Ease of maintenance
The machine’s modularity also pays dividends when it comes to maintenance. “On a more traditional machine, if you have 20 bottle platforms and you need to repair even one, you need to shut the whole labeler down,” Marcantoni says. “On the C Leap, we can remove a platform or two and perform maintenance but keep the labeler running. It may not be at peak speed, but it’s better than having to shut it down altogether.”
Crucial to just about any automated labeling operation is the ability to wipe down a label to ensure that it adheres smoothly to the round sidewall. It’s fascinating to see how this is accomplished on the C Leap, and again it’s done by way of the track-mounted shuttles. What’s illustrated at 1:47 in the video linked above is how paired shuttles mechanically coupled pull off this bottle rotation motion. One shuttle holds the bottle platform while an auxiliary shuttle reciprocates back and forth on a rack-and-pinion system to cause the bottle platform to rotate.
Worth noting is that Makro is now revising the way in which it rotates the bottle platform. “We’re moving away from the essentially mechanical rack-and-pinion approach,” Marcantoni says. “Instead, we’ll use two auxiliary shuttles on the AcoposTrak in addition to the main bottle platform shuttle. This will bring better control in positioning the platform.”
Another modification in progress is in the way in which a labeled bottle is discharged from its platform. Currently, it’s done with a spring-loaded roller that runs over a mechanical cam, thus causing the neck-holding tooling to lift up from the neck and release the bottle into the starwheel discharge. “Now in development is a method that is less mechanical in nature,” Marcantoni says. “We’re adding an auxiliary shuttle to the top AcoposTrak circuit that will lift the neck-holding tooling up to release the bottle.”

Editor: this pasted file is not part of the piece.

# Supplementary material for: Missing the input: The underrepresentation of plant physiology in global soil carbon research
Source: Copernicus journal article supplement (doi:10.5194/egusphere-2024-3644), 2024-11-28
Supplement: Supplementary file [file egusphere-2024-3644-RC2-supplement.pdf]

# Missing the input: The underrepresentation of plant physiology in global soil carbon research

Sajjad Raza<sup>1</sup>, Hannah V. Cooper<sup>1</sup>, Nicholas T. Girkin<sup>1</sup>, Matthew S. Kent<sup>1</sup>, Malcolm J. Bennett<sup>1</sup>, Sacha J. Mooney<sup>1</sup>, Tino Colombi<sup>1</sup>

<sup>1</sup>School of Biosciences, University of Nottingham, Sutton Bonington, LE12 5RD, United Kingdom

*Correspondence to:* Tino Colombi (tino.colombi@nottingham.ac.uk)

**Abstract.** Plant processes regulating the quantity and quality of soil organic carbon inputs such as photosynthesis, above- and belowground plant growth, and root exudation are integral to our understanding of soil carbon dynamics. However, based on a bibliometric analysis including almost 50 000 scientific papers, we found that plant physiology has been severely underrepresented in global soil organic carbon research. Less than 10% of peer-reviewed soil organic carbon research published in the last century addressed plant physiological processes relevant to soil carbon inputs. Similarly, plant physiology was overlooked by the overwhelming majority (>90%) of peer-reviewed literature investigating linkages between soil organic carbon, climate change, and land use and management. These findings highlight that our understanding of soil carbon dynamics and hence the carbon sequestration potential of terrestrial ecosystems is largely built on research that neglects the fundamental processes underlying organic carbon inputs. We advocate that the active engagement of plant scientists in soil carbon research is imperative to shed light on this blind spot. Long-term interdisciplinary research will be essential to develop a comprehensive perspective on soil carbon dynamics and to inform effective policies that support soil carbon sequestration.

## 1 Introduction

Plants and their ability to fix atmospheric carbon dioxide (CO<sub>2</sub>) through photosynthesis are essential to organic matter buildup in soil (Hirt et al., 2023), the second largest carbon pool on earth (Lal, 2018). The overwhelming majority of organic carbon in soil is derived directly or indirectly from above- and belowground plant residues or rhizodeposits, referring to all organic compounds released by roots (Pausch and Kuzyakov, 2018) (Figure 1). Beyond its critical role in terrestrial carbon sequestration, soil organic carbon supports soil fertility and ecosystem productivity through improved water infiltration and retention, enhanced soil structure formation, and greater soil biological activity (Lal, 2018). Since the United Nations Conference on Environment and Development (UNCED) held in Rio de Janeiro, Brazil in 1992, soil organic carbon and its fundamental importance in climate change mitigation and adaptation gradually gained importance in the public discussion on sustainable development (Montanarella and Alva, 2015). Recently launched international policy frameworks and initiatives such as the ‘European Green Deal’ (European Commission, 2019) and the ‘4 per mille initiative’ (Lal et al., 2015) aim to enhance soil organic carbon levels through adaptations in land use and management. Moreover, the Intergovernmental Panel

The machine on display at PACK EXPO was more of a concept than a piece of commercially available equipment, Marcantoni says. But commercial installation with a beta customer was expected in Q1 of 2019. “We’ll be applying front, back and neck pressure-sensitive labels at 7,000-8,000 bottles per hour,” he says. “So not super high-speed, but there will be a variety of label types.”
For more information, visit B&R Industrial Automation at www.br-automation.com.